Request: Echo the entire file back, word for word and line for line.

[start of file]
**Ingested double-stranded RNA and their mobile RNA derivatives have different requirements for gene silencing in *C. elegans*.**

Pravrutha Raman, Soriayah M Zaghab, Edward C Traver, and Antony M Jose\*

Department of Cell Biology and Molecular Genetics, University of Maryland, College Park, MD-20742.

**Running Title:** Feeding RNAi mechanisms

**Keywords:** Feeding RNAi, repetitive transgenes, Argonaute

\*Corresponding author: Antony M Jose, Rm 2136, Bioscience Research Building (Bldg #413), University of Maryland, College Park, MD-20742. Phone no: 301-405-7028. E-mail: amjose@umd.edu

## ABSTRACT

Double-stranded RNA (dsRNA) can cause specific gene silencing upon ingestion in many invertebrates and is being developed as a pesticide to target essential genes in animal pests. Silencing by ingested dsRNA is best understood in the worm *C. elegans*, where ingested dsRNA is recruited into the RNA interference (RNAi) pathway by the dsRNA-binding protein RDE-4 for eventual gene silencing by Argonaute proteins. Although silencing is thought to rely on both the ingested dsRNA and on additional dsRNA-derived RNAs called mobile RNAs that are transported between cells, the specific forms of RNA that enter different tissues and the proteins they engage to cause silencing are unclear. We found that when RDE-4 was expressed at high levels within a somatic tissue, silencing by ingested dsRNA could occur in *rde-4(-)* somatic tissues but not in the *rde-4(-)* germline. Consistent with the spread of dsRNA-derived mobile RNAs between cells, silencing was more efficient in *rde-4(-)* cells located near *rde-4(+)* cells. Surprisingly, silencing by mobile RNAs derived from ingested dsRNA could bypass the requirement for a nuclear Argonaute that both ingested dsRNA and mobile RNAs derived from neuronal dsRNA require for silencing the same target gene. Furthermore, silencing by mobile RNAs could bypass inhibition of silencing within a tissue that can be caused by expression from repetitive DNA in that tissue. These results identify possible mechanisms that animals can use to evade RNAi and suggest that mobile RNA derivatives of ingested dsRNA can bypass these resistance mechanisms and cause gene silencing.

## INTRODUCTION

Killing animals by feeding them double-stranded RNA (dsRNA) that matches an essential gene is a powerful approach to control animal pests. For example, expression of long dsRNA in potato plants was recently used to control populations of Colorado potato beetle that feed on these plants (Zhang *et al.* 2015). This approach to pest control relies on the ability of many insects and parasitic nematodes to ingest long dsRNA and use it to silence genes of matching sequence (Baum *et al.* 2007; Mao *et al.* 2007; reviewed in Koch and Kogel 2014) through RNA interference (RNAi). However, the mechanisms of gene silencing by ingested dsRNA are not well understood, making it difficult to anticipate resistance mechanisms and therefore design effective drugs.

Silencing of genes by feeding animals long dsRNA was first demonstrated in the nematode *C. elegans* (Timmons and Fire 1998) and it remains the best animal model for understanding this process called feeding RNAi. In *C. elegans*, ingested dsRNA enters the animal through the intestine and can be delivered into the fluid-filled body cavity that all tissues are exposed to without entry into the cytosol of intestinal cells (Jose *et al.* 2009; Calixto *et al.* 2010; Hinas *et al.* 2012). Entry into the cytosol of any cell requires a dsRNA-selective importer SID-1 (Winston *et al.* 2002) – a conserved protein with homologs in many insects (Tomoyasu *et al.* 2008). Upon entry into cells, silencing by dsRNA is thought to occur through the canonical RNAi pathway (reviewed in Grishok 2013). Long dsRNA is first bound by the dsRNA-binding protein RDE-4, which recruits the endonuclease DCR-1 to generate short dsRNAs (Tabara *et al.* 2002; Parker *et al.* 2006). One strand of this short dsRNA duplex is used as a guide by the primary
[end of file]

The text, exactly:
**Ingested double-stranded RNA and their mobile RNA derivatives have different requirements for gene silencing in *C. elegans*.**

Pravrutha Raman, Soriayah M Zaghab, Edward C Traver, and Antony M Jose\*

Department of Cell Biology and Molecular Genetics, University of Maryland, College Park, MD-20742.

**Running Title:** Feeding RNAi mechanisms

**Keywords:** Feeding RNAi, repetitive transgenes, Argonaute

\*Corresponding author: Antony M Jose, Rm 2136, Bioscience Research Building (Bldg #413), University of Maryland, College Park, MD-20742. Phone no: 301-405-7028. E-mail: amjose@umd.edu

## ABSTRACT

Double-stranded RNA (dsRNA) can cause specific gene silencing upon ingestion in many invertebrates and is being developed as a pesticide to target essential genes in animal pests. Silencing by ingested dsRNA is best understood in the worm *C. elegans*, where ingested dsRNA is recruited into the RNA interference (RNAi) pathway by the dsRNA-binding protein RDE-4 for eventual gene silencing by Argonaute proteins. Although silencing is thought to rely on both the ingested dsRNA and on additional dsRNA-derived RNAs called mobile RNAs that are transported between cells, the specific forms of RNA that enter different tissues and the proteins they engage to cause silencing are unclear. We found that when RDE-4 was expressed at high levels within a somatic tissue, silencing by ingested dsRNA could occur in *rde-4(-)* somatic tissues but not in the *rde-4(-)* germline. Consistent with the spread of dsRNA-derived mobile RNAs between cells, silencing was more efficient in *rde-4(-)* cells located near *rde-4(+)* cells. Surprisingly, silencing by mobile RNAs derived from ingested dsRNA could bypass the requirement for a nuclear Argonaute that both ingested dsRNA and mobile RNAs derived from neuronal dsRNA require for silencing the same target gene. Furthermore, silencing by mobile RNAs could bypass inhibition of silencing within a tissue that can be caused by expression from repetitive DNA in that tissue. These results identify possible mechanisms that animals can use to evade RNAi and suggest that mobile RNA derivatives of ingested dsRNA can bypass these resistance mechanisms and cause gene silencing.

## INTRODUCTION

Killing animals by feeding them double-stranded RNA (dsRNA) that matches an essential gene is a powerful approach to control animal pests. For example, expression of long dsRNA in potato plants was recently used to control populations of Colorado potato beetle that feed on these plants (Zhang *et al.* 2015). This approach to pest control relies on the ability of many insects and parasitic nematodes to ingest long dsRNA and use it to silence genes of matching sequence (Baum *et al.* 2007; Mao *et al.* 2007; reviewed in Koch and Kogel 2014) through RNA interference (RNAi). However, the mechanisms of gene silencing by ingested dsRNA are not well understood, making it difficult to anticipate resistance mechanisms and therefore design effective drugs.

Silencing of genes by feeding animals long dsRNA was first demonstrated in the nematode *C. elegans* (Timmons and Fire 1998) and it remains the best animal model for understanding this process called feeding RNAi. In *C. elegans*, ingested dsRNA enters the animal through the intestine and can be delivered into the fluid-filled body cavity that all tissues are exposed to without entry into the cytosol of intestinal cells (Jose *et al.* 2009; Calixto *et al.* 2010; Hinas *et al.* 2012). Entry into the cytosol of any cell requires a dsRNA-selective importer SID-1 (Winston *et al.* 2002) – a conserved protein with homologs in many insects (Tomoyasu *et al.* 2008). Upon entry into cells, silencing by dsRNA is thought to occur through the canonical RNAi pathway (reviewed in Grishok 2013). Long dsRNA is first bound by the dsRNA-binding protein RDE-4, which recruits the endonuclease DCR-1 to generate short dsRNAs (Tabara *et al.* 2002; Parker *et al.* 2006). One strand of this short dsRNA duplex is used as a guide by the primary